Container cargo surge on the eastbound Transpacific route is set to recede in the coming weeks, despite a recent truce between China and the US, according to Alphaliner.
The President of the United States, Donald Trump, and President Xi Jinping of China on December 1 agreed to postpone the further 25% tariffs on Chinese imports to the US for 90 days to allow a broader trade agreement between the two countries to be forged.
Alphaliner explained that the earlier rush to front-load shipments from China to arrive in the US before January 1, 2018, had resulted in record-high eastbound transpacific container shipments in October, based on the date of arrival in the US.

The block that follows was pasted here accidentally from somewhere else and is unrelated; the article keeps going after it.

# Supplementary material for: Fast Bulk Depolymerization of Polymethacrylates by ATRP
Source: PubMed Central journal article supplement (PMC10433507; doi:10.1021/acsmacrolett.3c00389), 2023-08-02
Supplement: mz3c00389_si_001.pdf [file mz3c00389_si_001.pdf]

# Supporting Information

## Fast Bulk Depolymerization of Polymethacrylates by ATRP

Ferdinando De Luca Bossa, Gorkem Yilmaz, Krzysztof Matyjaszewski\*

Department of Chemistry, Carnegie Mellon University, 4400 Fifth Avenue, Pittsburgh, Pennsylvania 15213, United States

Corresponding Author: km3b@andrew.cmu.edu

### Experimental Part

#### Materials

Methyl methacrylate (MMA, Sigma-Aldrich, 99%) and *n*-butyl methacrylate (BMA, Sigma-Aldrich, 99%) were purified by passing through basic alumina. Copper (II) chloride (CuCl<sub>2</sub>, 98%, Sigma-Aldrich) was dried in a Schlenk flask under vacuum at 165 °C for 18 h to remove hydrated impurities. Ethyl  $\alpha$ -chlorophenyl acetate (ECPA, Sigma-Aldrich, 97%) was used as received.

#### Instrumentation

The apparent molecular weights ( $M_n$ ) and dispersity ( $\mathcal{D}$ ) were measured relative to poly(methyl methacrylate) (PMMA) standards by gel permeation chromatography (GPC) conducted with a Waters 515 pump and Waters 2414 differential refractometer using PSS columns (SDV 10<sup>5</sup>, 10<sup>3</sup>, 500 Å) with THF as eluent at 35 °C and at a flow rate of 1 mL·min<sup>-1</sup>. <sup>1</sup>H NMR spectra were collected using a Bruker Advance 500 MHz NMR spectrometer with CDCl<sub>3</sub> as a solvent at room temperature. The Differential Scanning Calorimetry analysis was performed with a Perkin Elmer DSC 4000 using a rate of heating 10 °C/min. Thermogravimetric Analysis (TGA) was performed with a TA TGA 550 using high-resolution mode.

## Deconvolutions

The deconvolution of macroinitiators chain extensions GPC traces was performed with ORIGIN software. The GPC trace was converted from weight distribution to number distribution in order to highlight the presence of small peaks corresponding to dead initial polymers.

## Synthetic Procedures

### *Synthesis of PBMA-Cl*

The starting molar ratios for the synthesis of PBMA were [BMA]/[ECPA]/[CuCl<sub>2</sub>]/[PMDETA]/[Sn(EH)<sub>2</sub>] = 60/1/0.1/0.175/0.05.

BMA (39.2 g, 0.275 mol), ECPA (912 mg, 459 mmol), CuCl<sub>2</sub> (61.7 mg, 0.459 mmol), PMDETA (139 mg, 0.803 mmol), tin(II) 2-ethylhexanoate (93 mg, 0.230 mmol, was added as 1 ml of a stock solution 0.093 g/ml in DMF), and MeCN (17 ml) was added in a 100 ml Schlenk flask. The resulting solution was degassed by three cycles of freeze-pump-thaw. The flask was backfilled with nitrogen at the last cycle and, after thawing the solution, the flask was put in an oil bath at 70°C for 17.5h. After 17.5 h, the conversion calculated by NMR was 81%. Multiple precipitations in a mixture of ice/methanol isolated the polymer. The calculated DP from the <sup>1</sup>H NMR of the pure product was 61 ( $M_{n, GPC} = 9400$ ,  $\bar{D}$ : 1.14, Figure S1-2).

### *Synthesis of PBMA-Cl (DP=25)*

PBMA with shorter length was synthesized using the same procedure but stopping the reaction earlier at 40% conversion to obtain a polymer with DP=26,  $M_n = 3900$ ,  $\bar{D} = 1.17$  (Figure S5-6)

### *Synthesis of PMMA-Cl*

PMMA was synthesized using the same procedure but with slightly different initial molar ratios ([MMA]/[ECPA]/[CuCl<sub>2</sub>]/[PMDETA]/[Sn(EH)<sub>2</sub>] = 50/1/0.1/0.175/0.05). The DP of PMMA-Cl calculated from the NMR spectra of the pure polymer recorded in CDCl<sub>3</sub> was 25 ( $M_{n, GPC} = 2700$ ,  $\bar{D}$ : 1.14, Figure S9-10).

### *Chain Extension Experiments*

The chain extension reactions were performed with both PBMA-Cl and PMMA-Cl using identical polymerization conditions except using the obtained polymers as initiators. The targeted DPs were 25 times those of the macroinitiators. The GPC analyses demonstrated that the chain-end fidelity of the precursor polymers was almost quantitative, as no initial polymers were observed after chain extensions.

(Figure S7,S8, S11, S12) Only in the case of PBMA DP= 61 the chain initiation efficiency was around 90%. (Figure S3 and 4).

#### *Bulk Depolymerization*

Volumes grew by 12.2% year-on-year to reach 1.46 million TEU and container cargo arrivals in November and December “are expected to come in even stronger.”
Vessel movement data shows that, since mid-October, shipping lines deployed no fewer than 22 extra-loaders from China on the transpacific route, Alphaliner said. Further to this, three sailings were significantly up-sized to offer extra capacity.
“These moves added some 177,000 TEU of extra capacity to the US trade over the past six weeks, with all of the additional vessels due to arrive before the end of this year. Despite the exceptionally buoyant cargo volumes, signs are already starting to emerge that the resilience will not last,” according to Alphaliner.
Carriers already anticipate a drop in bookings, with at least six sailings to be cancelled in December from week 40 onwards. The OCEAN Alliance has already announced the withdrawal of four transpacific sailings, while THE Alliance is to withdraw two sailings.